5. Girls’ confidence and performance improves in response to specific, positive feedback on things they can control – such as effort, strategies, and behaviors (Blackwell, Trzesniewski, & Sorich Dweck, 2007; Halpern et al., 2007; Mueller & Dweck, 1998; Zeldin & Pajares, 2000). Self-confidence can make or break a girls’ interest in STEM. SciGirls stresses that confronting problems and having experiments fail is a normal part of the scientific process.!

6. Girls gain confidence and trust in their own reasoning when encouraged to think critically (Chatman et al., 2008; Eisenhart & Finkel, 1998). In SciGirls programming, asking questions and creative thinking are a must, even when these questions might challenge accepted ideas. When girls are free to voice their opinions and re-examine ideas from different perspectives, they become more engaged in STEM.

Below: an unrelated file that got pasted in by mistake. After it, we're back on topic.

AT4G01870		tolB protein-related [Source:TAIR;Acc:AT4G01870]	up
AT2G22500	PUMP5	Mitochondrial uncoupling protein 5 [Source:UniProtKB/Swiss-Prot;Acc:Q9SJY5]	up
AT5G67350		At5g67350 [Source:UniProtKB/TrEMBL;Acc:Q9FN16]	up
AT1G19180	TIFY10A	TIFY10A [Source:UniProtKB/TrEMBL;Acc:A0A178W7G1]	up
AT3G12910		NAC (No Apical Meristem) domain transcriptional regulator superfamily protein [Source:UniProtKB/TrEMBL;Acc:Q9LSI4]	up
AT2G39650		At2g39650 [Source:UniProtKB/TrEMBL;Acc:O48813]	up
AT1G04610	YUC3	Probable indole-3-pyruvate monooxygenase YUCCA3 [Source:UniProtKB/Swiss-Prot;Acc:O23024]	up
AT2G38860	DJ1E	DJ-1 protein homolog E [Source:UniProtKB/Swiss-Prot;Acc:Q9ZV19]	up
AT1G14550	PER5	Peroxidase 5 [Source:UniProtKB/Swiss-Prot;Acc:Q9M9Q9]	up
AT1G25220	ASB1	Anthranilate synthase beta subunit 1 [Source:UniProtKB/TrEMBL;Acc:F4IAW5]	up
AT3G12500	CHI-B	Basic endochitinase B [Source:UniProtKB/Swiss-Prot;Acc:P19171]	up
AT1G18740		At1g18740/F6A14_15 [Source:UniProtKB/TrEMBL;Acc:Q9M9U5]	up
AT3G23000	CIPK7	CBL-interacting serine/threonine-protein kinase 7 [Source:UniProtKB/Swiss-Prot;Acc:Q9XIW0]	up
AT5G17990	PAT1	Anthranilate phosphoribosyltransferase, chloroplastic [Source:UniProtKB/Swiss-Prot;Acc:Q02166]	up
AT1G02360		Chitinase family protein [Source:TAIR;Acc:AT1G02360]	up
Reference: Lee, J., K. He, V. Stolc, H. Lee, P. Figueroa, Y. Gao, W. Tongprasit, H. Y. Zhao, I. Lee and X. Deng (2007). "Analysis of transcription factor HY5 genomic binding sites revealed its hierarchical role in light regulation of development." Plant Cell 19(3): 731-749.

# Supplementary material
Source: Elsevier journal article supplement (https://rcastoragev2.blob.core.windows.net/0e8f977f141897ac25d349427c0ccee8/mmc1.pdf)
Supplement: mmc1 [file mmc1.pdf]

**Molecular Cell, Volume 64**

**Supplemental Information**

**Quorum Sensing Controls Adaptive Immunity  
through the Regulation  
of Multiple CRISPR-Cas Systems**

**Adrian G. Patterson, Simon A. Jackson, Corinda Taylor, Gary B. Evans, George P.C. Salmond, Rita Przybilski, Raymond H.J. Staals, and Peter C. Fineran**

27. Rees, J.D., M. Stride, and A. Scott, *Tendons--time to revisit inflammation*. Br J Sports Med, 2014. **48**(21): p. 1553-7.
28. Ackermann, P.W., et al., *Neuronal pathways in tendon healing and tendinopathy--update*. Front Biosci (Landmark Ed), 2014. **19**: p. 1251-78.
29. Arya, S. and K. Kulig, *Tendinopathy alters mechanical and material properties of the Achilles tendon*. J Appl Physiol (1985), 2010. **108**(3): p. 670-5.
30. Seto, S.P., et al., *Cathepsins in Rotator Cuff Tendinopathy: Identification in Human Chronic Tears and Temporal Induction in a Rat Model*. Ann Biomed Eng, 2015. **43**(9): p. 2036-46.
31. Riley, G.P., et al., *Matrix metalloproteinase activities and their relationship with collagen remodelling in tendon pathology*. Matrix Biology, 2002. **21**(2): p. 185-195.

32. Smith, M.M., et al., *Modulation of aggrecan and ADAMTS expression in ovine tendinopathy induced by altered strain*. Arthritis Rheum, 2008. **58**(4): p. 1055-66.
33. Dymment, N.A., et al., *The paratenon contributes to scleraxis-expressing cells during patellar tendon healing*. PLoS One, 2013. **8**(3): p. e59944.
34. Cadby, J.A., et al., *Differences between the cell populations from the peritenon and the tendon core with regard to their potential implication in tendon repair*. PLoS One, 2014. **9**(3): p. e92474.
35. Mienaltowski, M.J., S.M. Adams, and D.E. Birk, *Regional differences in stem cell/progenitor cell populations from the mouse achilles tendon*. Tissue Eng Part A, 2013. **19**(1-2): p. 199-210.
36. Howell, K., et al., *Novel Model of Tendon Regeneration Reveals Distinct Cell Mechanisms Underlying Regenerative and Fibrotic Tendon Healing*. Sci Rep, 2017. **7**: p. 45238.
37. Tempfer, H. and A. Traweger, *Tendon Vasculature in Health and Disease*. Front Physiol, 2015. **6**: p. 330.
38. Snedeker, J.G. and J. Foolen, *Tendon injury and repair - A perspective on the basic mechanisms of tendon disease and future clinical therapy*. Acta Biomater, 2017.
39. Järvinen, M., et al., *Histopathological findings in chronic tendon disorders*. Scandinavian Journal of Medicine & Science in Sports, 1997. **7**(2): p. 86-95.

7. Girls benefit from relationships with role models and mentors (Evans, Whigham, & Wang, 1995; Liston et al., 2008). Seeing women who have succeeded in STEM helps inspire and motivate girls, especially when they can relate to these role models as people with lives outside of the lab. Role models and mentors not only broaden girls’ views of who does science, but expand girls’ vision of what’s possible in their own lives.


Original funding is provided by the National Science Foundation with additional support from ExxonMobil.[7] Current funding is provided by FGIS For Girls in Science and by the Northrop Grumman Foundation.


External links[edit]